Transcervical Sterilization – Essure

Transcervical Sterilization – Essure

[Total: 2    Average: 5/5]

Sterilization offers a more secure method of birth control for women and is often performed after a woman has her last child – which really depends from one woman to the next. While some women would like to undergo such a procedure after giving birth to her first child, another woman may rather want to wait for a second or third child. One study explains that about 10% of sterilization procedures are performed on women shortly after they have given birth.

In recent times, many new minimally invasive procedures have been introduced. When looking at the options currently available, transcervical sterilization is currently considered to be the least invasive and can now even be done through a visit to a trained clinician’s office. This greatly minimizes the cost but also means a woman will have to deal with permanent sterilization. Essure, previously called STOP, is a popular option on the market for women interested in transcervical sterilization.

What Is Essure Transcervical Sterilization?

Essure is a type of transcervical sterilization procedure that can be conducted in women who have decided that they would like to opt for a permanent sterilization option. The product includes the use of a specially designed coil that is placed in both of the fallopian tubes within the female patient’s reproductive system. These coils will cause scarring in the fallopian tubes, leading to scar tissue developing around the coils. The end result would be a complete blockage of the fallopian tubes, preventing sperm from entering the pathway and meet an egg for fertilization.

Risks Associated With Essure Transcervical Sterilization

Even though the use of the Essure transcervical sterilization procedure has yielded positive results in the majority of cases, it should be noted that there have been reports of adverse events occurring in some patients who have opted for the procedure. Some women have experienced an allergic reaction to the materials used in the manufacturing of the microcoils used during the procedure. There have also been reports of heavy bleeding, as well as significant pelvic pain in some women.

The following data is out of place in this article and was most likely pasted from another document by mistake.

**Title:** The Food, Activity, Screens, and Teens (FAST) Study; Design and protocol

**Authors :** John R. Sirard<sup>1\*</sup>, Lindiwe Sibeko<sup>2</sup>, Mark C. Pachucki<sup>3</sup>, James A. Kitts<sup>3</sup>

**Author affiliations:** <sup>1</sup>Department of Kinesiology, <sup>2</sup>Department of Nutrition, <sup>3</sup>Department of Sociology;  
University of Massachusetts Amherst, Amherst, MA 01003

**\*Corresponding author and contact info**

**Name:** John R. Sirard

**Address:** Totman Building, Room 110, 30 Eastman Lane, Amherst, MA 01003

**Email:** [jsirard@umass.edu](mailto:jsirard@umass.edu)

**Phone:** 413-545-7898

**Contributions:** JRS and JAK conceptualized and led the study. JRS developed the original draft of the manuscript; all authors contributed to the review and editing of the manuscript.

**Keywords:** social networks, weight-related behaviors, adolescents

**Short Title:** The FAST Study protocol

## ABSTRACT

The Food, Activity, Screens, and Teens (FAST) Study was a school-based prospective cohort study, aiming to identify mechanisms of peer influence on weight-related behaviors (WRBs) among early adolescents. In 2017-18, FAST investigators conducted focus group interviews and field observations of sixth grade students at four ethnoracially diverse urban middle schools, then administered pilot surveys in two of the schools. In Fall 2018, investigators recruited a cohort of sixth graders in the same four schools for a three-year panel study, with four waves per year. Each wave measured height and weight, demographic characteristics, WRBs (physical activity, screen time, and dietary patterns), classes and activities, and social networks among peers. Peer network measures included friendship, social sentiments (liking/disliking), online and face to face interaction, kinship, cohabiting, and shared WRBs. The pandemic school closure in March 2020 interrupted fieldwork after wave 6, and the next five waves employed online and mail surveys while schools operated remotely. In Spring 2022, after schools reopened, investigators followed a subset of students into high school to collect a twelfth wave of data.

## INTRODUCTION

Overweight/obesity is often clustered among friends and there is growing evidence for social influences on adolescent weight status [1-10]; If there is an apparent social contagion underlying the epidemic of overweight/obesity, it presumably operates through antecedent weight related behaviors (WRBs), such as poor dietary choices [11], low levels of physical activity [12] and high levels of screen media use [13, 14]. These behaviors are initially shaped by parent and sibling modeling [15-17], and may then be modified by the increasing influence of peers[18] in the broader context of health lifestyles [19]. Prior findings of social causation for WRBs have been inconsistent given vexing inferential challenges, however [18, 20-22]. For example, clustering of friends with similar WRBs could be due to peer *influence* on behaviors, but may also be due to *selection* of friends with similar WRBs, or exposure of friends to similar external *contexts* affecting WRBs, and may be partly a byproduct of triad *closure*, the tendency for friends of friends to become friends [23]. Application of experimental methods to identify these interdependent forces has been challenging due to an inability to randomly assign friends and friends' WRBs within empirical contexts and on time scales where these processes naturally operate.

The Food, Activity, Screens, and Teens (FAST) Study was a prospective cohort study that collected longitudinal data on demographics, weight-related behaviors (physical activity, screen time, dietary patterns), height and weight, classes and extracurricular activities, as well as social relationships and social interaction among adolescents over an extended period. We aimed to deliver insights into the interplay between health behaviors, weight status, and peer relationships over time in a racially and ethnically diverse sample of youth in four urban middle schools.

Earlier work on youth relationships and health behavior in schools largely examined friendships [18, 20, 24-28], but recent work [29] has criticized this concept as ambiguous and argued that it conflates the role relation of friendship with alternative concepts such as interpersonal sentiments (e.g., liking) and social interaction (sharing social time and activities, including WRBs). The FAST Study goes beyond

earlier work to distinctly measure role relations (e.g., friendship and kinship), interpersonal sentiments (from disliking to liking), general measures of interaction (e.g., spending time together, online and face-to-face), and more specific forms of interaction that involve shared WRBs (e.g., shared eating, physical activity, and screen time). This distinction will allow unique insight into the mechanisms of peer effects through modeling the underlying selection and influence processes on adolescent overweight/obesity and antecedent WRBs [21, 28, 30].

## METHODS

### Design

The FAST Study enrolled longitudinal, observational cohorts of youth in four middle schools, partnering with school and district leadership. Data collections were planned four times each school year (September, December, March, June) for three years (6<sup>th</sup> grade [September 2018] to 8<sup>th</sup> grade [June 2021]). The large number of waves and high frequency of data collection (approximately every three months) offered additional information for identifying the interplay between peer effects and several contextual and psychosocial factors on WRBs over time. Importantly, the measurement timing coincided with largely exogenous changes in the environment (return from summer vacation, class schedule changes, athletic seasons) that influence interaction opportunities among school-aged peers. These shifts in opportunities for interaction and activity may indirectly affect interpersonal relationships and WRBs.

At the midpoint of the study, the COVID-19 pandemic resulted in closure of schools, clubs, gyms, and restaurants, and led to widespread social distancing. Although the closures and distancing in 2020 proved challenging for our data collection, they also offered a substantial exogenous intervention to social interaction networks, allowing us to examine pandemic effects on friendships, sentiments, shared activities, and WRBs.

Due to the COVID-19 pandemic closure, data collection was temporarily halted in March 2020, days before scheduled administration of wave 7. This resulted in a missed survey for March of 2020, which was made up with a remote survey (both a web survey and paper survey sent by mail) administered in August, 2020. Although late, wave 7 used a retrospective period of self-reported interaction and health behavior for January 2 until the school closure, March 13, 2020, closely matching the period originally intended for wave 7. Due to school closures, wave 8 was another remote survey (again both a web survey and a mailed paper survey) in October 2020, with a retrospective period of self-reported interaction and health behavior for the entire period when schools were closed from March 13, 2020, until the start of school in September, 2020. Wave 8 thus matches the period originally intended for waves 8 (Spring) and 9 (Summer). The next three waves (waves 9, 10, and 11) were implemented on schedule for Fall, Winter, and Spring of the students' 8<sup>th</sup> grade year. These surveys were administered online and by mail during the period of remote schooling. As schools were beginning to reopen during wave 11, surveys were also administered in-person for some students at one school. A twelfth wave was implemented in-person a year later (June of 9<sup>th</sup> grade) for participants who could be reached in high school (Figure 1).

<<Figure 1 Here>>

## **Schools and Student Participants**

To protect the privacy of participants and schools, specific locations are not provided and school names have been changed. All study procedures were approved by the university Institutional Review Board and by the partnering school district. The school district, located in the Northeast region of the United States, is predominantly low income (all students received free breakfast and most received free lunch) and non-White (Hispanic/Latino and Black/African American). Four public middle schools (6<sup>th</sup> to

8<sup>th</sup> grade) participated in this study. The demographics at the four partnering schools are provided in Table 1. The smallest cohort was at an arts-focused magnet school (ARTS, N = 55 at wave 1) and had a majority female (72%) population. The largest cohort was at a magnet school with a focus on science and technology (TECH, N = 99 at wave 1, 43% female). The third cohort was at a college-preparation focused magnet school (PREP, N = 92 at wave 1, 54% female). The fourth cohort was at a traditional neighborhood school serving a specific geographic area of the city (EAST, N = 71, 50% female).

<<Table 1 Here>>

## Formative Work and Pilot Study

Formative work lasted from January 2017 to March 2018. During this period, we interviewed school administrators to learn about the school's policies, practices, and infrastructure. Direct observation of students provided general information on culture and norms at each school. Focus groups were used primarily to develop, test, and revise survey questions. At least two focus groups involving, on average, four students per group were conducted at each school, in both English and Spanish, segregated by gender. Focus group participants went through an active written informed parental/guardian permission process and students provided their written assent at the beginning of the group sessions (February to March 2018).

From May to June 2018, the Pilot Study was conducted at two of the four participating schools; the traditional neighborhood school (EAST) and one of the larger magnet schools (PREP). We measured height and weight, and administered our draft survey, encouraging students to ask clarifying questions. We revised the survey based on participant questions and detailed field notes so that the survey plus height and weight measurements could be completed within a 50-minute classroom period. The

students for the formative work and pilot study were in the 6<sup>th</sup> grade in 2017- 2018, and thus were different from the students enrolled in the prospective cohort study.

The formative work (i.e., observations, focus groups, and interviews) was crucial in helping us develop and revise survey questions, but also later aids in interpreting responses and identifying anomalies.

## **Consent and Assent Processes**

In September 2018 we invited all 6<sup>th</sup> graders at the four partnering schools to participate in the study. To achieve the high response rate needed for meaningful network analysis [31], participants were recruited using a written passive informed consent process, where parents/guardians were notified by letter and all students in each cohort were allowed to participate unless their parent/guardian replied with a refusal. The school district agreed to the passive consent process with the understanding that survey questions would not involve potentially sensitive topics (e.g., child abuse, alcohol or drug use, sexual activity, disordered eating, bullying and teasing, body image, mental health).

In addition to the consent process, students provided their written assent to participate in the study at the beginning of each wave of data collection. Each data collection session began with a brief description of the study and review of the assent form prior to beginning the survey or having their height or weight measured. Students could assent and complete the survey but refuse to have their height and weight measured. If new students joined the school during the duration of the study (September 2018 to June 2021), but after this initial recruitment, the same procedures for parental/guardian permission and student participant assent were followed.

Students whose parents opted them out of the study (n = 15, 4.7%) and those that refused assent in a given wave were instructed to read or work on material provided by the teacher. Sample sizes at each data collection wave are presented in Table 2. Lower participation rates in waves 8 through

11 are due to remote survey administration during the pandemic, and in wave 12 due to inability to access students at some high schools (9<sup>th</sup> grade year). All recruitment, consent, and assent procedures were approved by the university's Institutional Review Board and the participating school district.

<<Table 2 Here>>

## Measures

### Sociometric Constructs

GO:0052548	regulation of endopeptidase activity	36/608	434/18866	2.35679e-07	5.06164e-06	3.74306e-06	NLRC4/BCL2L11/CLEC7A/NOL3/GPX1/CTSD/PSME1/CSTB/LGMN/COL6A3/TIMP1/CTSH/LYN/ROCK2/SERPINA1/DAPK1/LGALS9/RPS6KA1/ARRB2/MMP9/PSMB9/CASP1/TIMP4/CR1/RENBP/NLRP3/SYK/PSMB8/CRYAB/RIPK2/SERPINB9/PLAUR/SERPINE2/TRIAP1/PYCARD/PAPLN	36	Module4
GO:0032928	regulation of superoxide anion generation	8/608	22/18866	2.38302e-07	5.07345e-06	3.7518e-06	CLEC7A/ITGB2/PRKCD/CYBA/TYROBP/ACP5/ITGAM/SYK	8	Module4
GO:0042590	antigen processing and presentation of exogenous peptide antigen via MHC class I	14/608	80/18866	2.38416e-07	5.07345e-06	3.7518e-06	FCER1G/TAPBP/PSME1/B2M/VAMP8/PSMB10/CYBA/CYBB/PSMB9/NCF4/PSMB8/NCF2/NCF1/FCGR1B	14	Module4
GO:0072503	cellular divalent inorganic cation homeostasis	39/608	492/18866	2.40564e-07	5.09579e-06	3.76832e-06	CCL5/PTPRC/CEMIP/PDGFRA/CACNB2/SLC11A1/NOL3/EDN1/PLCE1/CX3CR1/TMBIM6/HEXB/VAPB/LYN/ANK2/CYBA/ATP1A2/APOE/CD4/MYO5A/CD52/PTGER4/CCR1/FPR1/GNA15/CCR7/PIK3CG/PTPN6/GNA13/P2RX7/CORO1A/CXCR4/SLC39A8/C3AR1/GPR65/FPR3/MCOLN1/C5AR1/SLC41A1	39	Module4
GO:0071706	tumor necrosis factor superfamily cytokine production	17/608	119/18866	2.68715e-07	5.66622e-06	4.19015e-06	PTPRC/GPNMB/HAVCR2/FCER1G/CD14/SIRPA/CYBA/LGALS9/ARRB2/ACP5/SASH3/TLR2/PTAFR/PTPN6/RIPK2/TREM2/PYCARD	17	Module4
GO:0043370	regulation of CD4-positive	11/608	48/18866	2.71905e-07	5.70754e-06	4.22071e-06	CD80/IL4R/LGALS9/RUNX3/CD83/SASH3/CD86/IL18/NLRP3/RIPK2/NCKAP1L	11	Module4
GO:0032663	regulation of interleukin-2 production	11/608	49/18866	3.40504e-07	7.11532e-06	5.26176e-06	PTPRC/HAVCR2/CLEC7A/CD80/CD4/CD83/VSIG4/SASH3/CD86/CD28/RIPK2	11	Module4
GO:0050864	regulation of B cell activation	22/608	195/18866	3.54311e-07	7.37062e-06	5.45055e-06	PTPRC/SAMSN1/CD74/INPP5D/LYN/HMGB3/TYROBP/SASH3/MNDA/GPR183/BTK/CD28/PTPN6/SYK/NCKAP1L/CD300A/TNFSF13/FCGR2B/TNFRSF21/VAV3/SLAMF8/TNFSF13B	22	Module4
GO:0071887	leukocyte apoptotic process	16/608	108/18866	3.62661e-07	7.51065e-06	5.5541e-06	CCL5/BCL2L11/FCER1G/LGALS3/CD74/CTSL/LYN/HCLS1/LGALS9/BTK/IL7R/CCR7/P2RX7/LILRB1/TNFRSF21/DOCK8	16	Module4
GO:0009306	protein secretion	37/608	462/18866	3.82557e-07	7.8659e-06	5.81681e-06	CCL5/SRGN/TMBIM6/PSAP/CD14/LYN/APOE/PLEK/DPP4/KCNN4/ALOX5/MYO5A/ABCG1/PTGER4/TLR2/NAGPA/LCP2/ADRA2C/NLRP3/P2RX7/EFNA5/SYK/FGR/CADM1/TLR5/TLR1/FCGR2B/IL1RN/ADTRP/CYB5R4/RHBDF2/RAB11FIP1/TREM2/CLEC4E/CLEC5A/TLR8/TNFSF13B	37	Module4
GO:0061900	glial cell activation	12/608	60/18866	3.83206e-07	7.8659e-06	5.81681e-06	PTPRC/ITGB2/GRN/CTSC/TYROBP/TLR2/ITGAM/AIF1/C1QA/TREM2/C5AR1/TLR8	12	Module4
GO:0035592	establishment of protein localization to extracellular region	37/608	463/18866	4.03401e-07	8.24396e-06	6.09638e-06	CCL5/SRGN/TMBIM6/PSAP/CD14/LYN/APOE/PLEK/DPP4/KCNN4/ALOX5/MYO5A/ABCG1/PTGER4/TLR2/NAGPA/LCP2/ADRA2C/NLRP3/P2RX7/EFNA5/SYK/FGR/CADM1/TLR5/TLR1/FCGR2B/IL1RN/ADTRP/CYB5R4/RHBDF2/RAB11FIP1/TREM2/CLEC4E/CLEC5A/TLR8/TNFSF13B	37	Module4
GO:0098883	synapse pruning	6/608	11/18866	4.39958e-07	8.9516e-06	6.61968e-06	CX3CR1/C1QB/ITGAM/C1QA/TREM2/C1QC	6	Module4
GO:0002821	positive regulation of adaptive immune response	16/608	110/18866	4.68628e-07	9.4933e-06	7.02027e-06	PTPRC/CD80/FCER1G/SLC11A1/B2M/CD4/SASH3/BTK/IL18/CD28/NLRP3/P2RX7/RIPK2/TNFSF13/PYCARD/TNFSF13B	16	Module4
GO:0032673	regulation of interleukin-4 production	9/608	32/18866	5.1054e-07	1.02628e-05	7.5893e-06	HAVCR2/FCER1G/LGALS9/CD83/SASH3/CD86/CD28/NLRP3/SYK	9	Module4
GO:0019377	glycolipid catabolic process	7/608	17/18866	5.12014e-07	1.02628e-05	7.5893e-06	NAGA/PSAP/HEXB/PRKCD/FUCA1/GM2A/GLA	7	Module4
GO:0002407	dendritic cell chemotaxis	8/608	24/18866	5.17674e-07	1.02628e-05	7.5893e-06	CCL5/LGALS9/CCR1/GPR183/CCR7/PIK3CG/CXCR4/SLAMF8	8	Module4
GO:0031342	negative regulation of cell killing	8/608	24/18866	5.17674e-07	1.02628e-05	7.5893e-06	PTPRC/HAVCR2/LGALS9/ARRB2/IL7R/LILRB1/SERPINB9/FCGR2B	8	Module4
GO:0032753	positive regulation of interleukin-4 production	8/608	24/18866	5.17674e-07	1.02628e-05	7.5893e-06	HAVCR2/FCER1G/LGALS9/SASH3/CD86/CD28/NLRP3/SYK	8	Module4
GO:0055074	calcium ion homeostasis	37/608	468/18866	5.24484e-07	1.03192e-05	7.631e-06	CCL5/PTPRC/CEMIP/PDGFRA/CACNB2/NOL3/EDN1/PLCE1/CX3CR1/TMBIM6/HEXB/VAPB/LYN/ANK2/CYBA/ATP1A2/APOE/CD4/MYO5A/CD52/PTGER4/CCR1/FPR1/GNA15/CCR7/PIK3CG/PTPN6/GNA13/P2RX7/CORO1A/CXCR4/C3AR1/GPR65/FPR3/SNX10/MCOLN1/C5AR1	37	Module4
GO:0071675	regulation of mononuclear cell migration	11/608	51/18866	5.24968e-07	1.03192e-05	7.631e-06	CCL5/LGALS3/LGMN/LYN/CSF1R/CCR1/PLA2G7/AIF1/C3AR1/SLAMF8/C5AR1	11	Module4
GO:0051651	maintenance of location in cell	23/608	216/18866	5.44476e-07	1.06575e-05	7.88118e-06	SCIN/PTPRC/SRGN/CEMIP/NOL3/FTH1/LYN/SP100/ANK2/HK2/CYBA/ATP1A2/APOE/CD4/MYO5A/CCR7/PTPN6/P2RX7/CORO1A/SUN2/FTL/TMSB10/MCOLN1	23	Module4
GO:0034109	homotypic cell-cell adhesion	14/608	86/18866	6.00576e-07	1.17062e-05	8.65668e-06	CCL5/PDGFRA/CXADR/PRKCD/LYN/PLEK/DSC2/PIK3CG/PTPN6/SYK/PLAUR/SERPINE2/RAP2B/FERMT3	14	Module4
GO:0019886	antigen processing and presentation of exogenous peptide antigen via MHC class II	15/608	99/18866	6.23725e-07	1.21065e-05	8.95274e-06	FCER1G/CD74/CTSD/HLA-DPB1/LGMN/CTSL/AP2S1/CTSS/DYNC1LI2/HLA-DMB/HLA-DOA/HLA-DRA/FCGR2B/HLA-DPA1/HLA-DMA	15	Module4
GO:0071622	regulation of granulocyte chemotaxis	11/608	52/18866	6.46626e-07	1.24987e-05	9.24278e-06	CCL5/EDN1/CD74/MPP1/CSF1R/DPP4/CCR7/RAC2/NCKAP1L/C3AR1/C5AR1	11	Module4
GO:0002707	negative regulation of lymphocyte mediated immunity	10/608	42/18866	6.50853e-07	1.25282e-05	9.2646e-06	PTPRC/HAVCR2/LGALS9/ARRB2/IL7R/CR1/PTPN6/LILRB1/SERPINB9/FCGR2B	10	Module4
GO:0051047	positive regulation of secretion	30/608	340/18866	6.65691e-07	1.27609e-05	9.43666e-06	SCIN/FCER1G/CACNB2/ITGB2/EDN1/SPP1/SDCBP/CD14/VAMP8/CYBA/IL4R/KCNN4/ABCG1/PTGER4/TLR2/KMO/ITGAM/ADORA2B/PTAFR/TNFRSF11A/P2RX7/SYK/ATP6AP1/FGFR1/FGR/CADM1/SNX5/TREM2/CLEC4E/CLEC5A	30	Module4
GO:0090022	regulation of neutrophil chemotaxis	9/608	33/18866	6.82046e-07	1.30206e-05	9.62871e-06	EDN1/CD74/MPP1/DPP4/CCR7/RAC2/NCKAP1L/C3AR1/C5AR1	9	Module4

Can Essure Transcervical Sterilization Be Reversed?

Due to the various adverse events reported by women who have received an Essure transcervical sterilization procedure in the past, a lot of those with an existing product in their fallopian tubes are seeking a method to reverse the procedure. Unfortunately, due to the significant scarring that occurs in the fallopian tubes with the use of Essure, reversal is not truly possible, but the micro-coils can be removed. In such a case, however, many women will find that becoming pregnant after the removal of these coils can hold risks for both her and her unborn child. This is why IVF is often advised as an alternative option for pregnancy among women who opted for this permanent sterilization procedure.

Conclusion

Transcervical sterilization procedures have become a popular alternative to more traditional options, allowing for a much less invasive procedure that does not require general anesthesia. The procedure is often done in a clinician’s office, but the clinician needs to be appropriately trained to avoid complications. Patients should understand the risks and the fact that reversal may not yield successful results in terms of pregnancy.